Saigon is the country’s commercial center and, with over eight million inhabitants and four million motorbikes, it’s a city that never sleeps. Despite the well-documented hustle and bustle, Saigon retains its connections with the past. A walking tour to admire Saigon’s historic landmarks is a must.
Transfer to Dong Khoi street, or Rue Catinat as it was known in the time of the French occupation, to discover some of the beautiful French colonial buildings built in the late 19th and early 20th century. Appreciate the splendidly restored exteriors of the Opera House and the former Hotel de Ville which are still two of the finest buildings in Saigon. Wander up to the Notre Dame Cathedral, a red brick edifice with twin spires based on the original construction from Paris (it is only possible to visit inside when no service is being performed). Then head across the square to the Central Post Office, designed by the French architect, Gustave Eiffel, before he had risen to fame for the Eiffel Tower. The former Presidential Palace, the headquarters of the Saigon Government during the American war, is a short drive away and reveals the history of Saigon during its turbulent recent past. Continue to the City Hall (the former Hotel de Ville) which was completed in 1908 by the French. It remains as one of the most stunning colonial monuments especially when floodlit at night (outside visit). Then sit down at a street coffee shop for a break and observe the daily life of the locals, and have a little personal interaction with your guide over a cup of coffee. Your guide will give you some interesting tips such as how to cross the road without breaking a sweat or say a few simple words in Vietnamese as well as offer an insight of the local’s daily lives.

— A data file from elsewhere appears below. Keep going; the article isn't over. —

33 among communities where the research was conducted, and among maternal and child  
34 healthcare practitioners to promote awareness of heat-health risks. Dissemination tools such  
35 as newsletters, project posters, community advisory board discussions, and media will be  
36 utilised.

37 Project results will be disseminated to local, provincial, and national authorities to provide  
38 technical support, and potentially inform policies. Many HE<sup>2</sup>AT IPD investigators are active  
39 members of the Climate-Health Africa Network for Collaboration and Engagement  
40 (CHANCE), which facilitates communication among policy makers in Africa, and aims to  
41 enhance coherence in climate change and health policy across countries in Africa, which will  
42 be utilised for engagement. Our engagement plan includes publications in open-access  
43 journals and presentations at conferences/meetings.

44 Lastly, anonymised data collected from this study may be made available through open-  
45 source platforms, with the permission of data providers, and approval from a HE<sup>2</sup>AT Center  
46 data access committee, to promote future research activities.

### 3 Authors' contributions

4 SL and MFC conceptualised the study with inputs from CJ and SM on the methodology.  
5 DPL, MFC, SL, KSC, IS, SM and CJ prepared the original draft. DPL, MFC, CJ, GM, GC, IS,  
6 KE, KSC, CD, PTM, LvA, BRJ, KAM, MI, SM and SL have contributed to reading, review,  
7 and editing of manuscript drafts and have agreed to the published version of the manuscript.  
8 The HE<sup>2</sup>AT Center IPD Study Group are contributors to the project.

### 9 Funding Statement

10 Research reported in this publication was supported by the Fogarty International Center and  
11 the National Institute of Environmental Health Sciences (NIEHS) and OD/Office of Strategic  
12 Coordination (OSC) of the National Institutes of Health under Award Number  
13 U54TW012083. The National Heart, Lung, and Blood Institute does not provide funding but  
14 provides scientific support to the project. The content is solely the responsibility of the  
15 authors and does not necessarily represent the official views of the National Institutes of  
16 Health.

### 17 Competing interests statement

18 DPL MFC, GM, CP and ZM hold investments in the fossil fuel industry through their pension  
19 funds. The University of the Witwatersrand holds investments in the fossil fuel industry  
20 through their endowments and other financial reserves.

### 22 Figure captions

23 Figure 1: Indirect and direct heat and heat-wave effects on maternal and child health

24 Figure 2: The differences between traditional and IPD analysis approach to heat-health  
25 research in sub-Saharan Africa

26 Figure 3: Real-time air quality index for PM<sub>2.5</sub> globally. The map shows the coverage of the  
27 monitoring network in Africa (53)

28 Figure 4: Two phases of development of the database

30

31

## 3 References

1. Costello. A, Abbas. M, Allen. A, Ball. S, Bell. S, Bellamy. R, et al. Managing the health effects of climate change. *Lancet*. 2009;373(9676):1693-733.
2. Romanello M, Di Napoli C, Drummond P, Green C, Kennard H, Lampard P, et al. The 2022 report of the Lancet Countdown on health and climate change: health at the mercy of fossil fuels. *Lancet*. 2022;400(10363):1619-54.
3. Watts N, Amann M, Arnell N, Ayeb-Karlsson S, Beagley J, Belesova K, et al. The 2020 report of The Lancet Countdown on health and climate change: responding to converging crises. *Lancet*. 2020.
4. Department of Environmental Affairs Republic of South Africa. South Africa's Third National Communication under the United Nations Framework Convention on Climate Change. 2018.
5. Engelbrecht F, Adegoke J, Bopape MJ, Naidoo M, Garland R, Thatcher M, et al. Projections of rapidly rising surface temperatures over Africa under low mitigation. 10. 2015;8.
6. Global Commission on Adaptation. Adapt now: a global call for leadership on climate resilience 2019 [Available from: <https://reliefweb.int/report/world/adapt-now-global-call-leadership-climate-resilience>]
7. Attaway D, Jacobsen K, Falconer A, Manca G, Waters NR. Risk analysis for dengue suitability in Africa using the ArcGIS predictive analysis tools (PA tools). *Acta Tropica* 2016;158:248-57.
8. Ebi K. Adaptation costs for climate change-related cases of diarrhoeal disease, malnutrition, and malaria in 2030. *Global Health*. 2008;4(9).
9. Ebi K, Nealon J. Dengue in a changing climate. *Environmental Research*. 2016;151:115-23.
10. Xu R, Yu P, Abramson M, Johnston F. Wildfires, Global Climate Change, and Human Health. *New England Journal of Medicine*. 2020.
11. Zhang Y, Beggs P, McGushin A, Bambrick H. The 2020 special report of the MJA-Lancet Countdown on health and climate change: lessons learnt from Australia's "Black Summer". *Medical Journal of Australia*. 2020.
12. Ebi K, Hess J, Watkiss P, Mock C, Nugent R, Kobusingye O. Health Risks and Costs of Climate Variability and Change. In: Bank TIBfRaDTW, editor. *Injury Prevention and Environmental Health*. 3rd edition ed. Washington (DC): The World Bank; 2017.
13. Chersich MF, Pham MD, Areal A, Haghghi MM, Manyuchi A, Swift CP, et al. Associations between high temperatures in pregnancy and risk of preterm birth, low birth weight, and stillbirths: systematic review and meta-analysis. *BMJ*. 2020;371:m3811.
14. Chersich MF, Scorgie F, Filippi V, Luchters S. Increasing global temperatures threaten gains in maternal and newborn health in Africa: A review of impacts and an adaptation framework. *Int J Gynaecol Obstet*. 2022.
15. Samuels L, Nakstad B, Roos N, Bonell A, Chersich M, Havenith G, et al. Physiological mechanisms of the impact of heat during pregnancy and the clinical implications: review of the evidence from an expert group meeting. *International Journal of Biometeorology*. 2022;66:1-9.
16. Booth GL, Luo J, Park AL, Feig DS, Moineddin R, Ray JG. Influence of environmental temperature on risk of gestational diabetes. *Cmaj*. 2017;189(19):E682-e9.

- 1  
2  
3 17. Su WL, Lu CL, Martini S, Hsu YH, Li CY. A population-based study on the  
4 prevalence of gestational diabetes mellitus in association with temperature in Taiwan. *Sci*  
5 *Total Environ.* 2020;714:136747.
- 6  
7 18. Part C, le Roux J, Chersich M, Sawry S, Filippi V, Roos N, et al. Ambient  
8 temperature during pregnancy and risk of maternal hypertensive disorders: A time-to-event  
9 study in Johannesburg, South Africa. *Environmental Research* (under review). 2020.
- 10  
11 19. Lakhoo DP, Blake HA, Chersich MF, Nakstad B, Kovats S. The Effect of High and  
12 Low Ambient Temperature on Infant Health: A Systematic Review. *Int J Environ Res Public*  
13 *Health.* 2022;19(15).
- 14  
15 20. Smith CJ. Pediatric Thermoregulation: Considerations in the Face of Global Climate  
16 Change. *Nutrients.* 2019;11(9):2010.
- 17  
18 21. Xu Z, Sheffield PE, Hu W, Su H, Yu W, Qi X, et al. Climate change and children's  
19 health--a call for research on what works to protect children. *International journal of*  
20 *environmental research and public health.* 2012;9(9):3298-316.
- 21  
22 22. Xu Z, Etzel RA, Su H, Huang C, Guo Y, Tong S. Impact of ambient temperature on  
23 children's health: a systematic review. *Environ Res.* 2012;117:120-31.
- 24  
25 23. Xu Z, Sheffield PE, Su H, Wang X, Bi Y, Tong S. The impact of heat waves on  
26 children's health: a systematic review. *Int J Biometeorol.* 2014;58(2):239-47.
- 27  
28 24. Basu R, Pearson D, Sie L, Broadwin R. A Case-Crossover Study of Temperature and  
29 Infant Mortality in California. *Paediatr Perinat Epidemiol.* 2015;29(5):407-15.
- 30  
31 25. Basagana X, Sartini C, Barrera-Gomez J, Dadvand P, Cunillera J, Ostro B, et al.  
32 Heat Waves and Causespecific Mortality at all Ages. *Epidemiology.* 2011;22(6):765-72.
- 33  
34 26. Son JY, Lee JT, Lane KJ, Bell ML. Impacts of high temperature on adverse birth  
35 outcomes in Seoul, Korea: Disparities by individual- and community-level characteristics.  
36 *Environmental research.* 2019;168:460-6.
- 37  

Lunch is at local restaurant.
In the afternoon, drive to the War Remnants Museum for a vivid glimpse of the American war through a local’s eyes (Please note that some of the photos are very graphic). Head to China town to visit Thien Hau temple, built by the Cantonese congregation in the early 19th century to honor the Goddess of the Sea. The temple’s ornate interior courtyard is always full of life as worshippers from the local Chinese community come to offer their prayers. Take time to make a wish, write it on a small card and attach it to one of the incense coils in the local custom. Continue your visit to FITO, the first museum of traditional medicine in Vietnam, offering an insight into how traditional medicine was used in the past.
Silverland Yen hotel